Friday, August 10, 2012

Jerusalem by Guy Delisle

Everyone has their niche, their two inches of ivory that they work over so closely with a fine-haired brush. Some niches are larger than others -- project manager, superhero artist, war apologist, social novelist -- but they all bind, more or less, around the edges. Some artists fight against that niche, and some embrace it.

Guy Delisle is a cartoonist -- originally Canadian, though resident in France for some time -- whose niche is creating books about the strange foreign cities he finds himself living and working in. First was Shenzhen (see my review), about time spent working as an animation supervisor in that Chinese city. Then came Pyongyang (see my review), in which the same job took him to that very odd, constricted North Korean capital. And then there was Burma Chronicles(see my review), by which point Delisle had transitioned to a full-time long-form cartoonist, and was accompanying his partner (a Médecins Sans Frontières administrator) to the capital of the country that wants the rest of us to call it Myanmar. (Somewhere in between, he also published two books of unsettling, mostly sex-role related cartoons -- Aline and the Others and Albert and the Others -- which I also reviewed.)

Delisle's work typically has a crisp, clean line -- as one would expect from an animator working in France -- with a good eye for detail and enough description and narration to allow the drawing to be simple; he doesn't try to cram everything into either words or art.

Recently, Delisle's wife was posted by MSF to Israel for a year, and so, eventually, that experience turned itself into his most recent book, Jerusalem. It's larger and more diffuse than those previous books, over 300 pages long, and filled with lots of small stories about Delisle's and his family's life in a Palestinian neighborhood in East Jerusalem. (And that location is the first manifestation of what will be a major concern of Jerusalem: borders, both physical and mental, and how they interleave themselves, through walls and checkpoints and bus routes and roads and prejudices.)

Jerusalem doesn't grapple directly with the legitimacy of the Israeli state, or of its treatment of Palestinians (or, conversely, with the actions of Palestinians and others against Israel), making it feel a bit politically naive at times. (Reading it in tandem with Sarah Glidden's How to Understand Israel in 60 Days Or Less -- see my review -- would be interesting; Glidden was in Israel for a short time, on a tour, specifically as a tourist on a heritage tour designed to make her intensely pro-Israel, and intensively questioned the Palestinian situation, while Delisle lived in Israel for a year, mostly among vaguely pro-Palestinian expatriates, and lives the physical discomfort of the occupation without engaging with it on a theoretical level.)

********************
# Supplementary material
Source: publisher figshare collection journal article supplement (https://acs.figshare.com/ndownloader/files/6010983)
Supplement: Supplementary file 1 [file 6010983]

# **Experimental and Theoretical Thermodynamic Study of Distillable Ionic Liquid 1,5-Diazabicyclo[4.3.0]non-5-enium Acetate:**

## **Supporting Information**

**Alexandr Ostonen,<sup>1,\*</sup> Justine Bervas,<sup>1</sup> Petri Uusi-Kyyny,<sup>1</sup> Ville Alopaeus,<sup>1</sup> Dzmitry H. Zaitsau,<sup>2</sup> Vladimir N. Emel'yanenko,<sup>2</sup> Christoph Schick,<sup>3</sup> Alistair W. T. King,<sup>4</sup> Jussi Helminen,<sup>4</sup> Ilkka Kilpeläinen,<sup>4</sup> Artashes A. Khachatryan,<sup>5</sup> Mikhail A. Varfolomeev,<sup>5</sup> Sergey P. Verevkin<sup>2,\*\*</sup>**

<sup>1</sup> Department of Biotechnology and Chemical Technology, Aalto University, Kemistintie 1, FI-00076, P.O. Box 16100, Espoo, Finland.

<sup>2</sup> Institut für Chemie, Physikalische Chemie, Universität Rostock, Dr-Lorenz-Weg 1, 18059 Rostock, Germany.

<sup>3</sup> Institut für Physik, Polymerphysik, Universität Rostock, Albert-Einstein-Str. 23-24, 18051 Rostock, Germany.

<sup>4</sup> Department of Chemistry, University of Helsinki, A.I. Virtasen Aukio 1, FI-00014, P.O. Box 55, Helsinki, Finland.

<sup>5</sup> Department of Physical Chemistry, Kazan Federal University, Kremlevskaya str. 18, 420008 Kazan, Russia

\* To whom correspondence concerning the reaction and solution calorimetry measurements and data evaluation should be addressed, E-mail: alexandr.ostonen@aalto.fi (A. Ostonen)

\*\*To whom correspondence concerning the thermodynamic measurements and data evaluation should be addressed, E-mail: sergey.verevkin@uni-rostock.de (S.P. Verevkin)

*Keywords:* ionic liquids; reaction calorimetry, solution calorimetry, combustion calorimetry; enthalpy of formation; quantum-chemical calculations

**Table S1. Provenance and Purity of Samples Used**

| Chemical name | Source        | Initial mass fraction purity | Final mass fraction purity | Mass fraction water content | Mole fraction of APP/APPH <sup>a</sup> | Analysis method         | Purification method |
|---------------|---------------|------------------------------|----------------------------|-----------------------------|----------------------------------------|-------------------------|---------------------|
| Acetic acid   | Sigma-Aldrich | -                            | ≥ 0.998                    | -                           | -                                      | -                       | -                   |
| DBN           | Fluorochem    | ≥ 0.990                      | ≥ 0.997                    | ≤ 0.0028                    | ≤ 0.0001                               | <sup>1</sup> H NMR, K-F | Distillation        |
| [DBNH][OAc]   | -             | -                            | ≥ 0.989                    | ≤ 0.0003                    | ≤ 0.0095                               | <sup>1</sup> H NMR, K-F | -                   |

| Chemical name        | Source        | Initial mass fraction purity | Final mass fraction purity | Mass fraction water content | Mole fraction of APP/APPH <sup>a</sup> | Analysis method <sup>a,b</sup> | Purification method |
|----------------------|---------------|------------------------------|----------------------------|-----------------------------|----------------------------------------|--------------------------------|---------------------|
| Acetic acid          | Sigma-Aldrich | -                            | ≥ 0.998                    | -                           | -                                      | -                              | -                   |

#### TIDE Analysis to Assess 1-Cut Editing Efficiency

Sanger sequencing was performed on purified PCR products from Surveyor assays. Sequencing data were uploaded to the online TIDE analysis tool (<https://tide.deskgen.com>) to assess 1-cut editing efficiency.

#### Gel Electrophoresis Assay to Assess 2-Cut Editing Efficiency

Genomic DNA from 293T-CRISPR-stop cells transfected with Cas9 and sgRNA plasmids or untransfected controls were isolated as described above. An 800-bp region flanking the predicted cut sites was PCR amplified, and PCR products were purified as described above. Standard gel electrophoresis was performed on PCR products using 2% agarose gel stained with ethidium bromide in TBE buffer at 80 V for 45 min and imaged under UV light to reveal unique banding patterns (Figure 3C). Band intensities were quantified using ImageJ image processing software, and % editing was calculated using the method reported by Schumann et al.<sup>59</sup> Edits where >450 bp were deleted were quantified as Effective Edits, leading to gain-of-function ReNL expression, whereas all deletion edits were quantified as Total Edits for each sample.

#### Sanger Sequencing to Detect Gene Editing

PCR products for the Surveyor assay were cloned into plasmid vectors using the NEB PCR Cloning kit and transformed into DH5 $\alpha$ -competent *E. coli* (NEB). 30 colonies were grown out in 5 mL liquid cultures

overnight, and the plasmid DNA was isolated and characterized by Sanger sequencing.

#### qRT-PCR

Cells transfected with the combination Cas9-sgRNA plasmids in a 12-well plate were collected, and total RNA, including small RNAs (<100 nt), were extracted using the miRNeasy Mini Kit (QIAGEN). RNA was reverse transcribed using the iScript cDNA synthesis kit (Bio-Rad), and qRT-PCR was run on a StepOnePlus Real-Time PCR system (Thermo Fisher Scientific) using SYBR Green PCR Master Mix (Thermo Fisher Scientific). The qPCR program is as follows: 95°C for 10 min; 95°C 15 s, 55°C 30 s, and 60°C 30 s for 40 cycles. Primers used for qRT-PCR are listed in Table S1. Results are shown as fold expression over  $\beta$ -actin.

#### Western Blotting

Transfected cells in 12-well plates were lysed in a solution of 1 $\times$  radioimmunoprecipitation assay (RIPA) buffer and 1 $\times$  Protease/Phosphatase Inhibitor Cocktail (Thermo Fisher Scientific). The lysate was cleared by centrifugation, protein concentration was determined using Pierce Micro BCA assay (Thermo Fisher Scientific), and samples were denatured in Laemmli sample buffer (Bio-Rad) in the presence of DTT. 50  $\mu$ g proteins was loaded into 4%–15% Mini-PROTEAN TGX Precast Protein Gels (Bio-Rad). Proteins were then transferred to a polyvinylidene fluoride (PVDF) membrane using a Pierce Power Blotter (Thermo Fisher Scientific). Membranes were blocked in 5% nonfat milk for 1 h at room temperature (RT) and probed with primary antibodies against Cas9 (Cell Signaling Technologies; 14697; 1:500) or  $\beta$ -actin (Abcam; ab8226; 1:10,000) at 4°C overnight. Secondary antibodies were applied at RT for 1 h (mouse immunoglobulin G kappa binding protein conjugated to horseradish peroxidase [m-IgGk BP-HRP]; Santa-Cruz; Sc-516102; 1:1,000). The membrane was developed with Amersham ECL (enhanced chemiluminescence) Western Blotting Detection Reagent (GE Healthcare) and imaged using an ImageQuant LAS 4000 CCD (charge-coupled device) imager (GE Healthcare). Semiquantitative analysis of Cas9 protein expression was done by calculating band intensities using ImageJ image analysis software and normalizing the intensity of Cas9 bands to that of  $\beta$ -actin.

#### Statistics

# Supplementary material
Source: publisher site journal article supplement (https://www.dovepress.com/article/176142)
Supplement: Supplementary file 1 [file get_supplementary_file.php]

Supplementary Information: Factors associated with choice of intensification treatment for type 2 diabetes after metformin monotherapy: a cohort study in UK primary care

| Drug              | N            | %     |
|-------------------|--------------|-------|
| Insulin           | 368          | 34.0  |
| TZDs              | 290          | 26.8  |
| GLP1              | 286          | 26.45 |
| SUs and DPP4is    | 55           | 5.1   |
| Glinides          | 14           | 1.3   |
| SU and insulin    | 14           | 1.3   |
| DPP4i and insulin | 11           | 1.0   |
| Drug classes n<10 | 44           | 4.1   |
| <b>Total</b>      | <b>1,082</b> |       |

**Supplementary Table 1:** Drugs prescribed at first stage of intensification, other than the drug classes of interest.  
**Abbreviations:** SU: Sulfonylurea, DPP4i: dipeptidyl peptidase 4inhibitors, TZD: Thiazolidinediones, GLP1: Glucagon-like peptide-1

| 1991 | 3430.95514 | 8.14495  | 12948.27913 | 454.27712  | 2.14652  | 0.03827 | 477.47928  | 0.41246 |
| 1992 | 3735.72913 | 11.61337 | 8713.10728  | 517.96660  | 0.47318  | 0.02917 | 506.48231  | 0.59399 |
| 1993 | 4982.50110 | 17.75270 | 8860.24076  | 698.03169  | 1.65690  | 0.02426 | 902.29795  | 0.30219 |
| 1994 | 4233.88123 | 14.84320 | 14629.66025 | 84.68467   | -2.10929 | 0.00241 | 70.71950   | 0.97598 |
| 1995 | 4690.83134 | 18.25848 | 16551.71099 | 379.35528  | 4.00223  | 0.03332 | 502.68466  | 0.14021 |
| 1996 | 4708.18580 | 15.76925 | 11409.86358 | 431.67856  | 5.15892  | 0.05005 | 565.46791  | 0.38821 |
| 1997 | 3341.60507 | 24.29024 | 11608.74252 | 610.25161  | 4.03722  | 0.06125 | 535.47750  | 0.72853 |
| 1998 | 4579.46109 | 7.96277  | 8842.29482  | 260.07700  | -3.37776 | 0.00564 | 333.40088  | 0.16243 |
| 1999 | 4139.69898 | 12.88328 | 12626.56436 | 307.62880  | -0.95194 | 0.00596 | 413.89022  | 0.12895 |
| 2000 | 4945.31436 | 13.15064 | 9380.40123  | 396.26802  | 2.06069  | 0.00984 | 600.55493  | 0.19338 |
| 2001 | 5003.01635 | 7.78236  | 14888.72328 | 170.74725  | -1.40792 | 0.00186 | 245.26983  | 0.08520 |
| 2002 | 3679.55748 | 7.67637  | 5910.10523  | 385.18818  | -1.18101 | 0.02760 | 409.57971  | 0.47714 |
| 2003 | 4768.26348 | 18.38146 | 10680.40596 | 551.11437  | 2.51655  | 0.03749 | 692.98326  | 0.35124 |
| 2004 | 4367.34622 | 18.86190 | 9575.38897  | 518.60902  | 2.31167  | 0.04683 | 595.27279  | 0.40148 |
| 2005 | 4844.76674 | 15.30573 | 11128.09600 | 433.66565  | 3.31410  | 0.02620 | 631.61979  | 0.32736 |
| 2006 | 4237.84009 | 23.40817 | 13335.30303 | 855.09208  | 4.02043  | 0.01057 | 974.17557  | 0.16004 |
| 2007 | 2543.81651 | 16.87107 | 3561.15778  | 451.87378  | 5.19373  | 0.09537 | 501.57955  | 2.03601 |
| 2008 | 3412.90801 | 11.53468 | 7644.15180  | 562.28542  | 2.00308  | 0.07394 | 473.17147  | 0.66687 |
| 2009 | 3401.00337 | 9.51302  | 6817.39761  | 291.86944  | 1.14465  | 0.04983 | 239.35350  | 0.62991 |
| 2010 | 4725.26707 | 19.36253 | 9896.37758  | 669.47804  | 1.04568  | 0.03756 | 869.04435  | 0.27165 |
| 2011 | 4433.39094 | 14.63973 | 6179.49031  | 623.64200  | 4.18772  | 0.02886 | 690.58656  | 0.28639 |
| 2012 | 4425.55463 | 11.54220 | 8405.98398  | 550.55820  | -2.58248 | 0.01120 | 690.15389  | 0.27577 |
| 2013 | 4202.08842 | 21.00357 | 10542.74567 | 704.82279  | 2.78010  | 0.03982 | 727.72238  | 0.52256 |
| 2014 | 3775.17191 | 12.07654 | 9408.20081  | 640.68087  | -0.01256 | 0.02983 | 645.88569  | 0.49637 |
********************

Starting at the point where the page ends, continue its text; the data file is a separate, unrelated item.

Delisle's job -- besides writing books like Jerusalem -- is a house-husband; he had two small children during that year, and just taking care of small children (even if they are in day-care part of the time) is massively time-consuming in ways that it's hard to describe. When you wake up with a toddler, you get through the day somehow, and then wonder, at the end, what you actually did during the last sixteen hours. So Delisle isn't as free to move around this year as he was in Shenzhen and Pyongyang -- but, then again, those were shorter trips, so he had more time to immerse himself in Jerusalem (and, before that, in Burma), more time to live in those places rather than just passing through them.

Jerusalem is a discursive, rambling book, equally about daily life as an expatriate in East Jerusalem and the physical problems of just moving around so militarized and controlled a country [1] as it is about Delisle's continuing attempts to sketch and draw and work on his cartoons when he has time away from his young children. It's a long, looping story, circling back to those same few concerns -- time to sketch, physical access, which day things will be open -- and is more obsessed with time (the right day, the right time of day, enough time to do something while the kids are in day-care) than one would expect. Throughout, Delisle is an interesting and thoughtful guide to Israel, showing us the things he did and saw and thought, and what it was like to live in that place for that time. I expect some people will be unhappy at Delisle's take on the Israel-Palestine situation -- people on either end of that argument, because as much as he engages with it, he's somewhere in the middle -- but that's an occupational hazard when you create books about your time in odd, contested, unlikely places. Delisle is always honest, and shows us what he sees and feels: you can't ask for more than that.

[1] His partner was posted in Gaza for most of this trip, and the one crossing into Gaza is more tightly controlled than any other gate in Israel.

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